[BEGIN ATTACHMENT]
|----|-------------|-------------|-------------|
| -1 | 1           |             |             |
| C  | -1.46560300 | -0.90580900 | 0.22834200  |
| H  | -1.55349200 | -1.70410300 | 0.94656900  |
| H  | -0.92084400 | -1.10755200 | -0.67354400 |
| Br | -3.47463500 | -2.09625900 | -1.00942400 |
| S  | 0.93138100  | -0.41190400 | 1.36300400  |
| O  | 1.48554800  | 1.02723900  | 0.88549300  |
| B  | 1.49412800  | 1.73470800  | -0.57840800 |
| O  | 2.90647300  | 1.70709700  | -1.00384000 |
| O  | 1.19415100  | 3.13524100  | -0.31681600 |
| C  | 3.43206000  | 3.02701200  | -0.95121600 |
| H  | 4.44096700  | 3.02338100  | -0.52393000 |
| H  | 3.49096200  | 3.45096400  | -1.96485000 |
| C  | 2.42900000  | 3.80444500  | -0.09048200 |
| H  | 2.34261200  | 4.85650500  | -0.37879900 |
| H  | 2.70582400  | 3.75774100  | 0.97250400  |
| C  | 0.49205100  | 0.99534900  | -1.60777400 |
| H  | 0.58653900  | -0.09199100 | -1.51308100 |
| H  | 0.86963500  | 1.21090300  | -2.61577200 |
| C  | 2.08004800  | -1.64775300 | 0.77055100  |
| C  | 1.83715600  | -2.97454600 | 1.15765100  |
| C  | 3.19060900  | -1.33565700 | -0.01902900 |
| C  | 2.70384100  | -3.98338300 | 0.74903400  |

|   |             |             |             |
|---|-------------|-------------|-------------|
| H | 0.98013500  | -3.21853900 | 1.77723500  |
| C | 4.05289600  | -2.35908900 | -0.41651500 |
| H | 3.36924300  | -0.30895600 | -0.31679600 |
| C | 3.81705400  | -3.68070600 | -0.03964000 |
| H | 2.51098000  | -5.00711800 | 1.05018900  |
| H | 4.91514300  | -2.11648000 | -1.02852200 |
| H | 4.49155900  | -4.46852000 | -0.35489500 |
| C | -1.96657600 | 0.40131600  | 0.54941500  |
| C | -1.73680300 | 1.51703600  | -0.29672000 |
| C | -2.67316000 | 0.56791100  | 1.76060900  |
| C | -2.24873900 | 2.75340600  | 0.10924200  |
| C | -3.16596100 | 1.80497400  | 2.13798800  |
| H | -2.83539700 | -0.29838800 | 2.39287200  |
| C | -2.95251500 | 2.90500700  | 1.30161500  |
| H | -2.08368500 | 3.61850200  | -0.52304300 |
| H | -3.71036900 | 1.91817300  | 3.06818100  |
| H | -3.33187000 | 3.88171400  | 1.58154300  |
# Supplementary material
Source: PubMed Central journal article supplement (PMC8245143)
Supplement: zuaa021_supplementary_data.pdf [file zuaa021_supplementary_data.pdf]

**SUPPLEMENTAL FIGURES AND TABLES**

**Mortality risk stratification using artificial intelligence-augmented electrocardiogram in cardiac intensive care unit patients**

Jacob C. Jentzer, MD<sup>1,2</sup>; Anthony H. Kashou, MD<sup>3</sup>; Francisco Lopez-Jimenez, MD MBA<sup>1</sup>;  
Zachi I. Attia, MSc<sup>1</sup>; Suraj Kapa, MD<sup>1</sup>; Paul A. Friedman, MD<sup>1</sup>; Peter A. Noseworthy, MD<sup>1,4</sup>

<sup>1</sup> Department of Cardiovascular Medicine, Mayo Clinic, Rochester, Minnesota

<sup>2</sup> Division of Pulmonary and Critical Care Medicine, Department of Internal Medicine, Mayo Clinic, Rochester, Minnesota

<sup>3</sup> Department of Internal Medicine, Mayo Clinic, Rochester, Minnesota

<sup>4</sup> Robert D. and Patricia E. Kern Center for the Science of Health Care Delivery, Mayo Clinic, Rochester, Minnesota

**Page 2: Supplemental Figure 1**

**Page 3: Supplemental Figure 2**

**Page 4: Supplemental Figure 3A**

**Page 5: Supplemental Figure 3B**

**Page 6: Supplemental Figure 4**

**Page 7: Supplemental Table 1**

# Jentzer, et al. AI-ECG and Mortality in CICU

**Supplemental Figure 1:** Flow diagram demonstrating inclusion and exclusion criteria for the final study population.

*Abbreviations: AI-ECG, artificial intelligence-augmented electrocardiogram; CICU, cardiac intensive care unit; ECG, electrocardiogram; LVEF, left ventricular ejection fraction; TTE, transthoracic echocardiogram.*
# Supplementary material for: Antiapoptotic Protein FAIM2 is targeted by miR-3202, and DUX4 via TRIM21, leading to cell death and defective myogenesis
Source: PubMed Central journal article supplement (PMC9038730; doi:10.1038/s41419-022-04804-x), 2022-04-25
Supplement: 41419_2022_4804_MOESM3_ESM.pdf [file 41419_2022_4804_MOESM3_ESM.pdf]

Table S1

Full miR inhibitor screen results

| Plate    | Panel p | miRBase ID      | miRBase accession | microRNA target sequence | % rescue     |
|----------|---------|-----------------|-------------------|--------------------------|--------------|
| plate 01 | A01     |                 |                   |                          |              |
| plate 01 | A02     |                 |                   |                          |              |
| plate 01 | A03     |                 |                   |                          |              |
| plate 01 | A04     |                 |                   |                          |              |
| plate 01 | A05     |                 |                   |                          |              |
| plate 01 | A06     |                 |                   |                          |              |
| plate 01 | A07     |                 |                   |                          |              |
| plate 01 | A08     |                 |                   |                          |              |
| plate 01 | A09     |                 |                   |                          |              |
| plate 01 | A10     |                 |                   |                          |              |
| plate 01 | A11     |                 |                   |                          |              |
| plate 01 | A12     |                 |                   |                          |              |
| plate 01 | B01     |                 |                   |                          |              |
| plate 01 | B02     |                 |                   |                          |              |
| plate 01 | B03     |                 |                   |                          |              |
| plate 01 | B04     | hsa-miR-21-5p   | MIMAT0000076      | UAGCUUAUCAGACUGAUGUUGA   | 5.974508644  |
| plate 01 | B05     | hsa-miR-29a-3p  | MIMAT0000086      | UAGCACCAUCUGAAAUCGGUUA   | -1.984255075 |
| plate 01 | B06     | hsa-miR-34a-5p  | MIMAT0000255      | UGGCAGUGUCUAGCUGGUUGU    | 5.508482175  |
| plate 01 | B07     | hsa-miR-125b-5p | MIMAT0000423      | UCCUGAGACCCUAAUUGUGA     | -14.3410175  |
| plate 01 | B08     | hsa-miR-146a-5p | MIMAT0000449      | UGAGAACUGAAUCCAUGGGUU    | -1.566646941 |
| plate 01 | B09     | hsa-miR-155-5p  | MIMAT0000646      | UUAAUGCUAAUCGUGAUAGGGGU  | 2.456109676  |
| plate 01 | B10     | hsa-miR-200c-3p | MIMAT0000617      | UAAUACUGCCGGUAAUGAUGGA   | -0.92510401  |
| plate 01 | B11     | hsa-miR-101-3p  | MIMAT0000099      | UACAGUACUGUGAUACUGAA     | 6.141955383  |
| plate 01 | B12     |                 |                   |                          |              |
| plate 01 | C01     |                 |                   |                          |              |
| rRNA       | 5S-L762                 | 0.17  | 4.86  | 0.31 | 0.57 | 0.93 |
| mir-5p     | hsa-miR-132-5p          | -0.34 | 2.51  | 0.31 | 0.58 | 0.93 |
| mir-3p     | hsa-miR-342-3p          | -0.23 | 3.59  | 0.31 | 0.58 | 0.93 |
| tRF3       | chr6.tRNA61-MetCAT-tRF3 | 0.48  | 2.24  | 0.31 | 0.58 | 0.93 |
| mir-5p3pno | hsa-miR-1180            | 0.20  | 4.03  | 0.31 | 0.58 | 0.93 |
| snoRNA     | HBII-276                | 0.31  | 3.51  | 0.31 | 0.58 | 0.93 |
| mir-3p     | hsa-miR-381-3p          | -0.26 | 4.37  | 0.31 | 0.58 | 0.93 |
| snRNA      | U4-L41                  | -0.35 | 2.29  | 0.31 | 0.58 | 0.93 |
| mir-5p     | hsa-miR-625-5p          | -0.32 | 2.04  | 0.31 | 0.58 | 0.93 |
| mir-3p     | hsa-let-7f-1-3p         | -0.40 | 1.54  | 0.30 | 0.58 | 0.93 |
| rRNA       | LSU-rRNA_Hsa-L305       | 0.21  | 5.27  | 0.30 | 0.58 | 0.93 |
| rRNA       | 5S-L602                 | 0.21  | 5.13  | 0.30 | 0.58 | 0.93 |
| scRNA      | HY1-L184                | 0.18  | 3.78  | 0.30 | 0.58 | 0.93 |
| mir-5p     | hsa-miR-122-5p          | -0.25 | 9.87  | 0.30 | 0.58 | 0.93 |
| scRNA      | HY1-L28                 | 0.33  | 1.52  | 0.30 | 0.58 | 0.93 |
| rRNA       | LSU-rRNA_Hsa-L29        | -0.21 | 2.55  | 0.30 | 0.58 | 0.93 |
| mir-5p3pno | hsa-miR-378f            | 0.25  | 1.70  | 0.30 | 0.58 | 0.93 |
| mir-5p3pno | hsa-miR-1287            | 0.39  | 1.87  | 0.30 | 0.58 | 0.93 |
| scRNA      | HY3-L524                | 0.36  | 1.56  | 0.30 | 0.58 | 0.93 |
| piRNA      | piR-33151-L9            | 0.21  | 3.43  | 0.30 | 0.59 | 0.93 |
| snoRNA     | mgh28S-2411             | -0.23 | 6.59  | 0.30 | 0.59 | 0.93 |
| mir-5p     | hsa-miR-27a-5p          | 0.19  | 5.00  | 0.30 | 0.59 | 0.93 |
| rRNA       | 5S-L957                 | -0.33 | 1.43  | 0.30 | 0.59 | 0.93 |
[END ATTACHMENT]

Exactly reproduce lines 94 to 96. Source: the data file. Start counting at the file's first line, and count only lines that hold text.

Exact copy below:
| plate 01 | B12     |                 |                   |                          |              |
| plate 01 | C01     |                 |                   |                          |              |
| rRNA       | 5S-L762                 | 0.17  | 4.86  | 0.31 | 0.57 | 0.93 |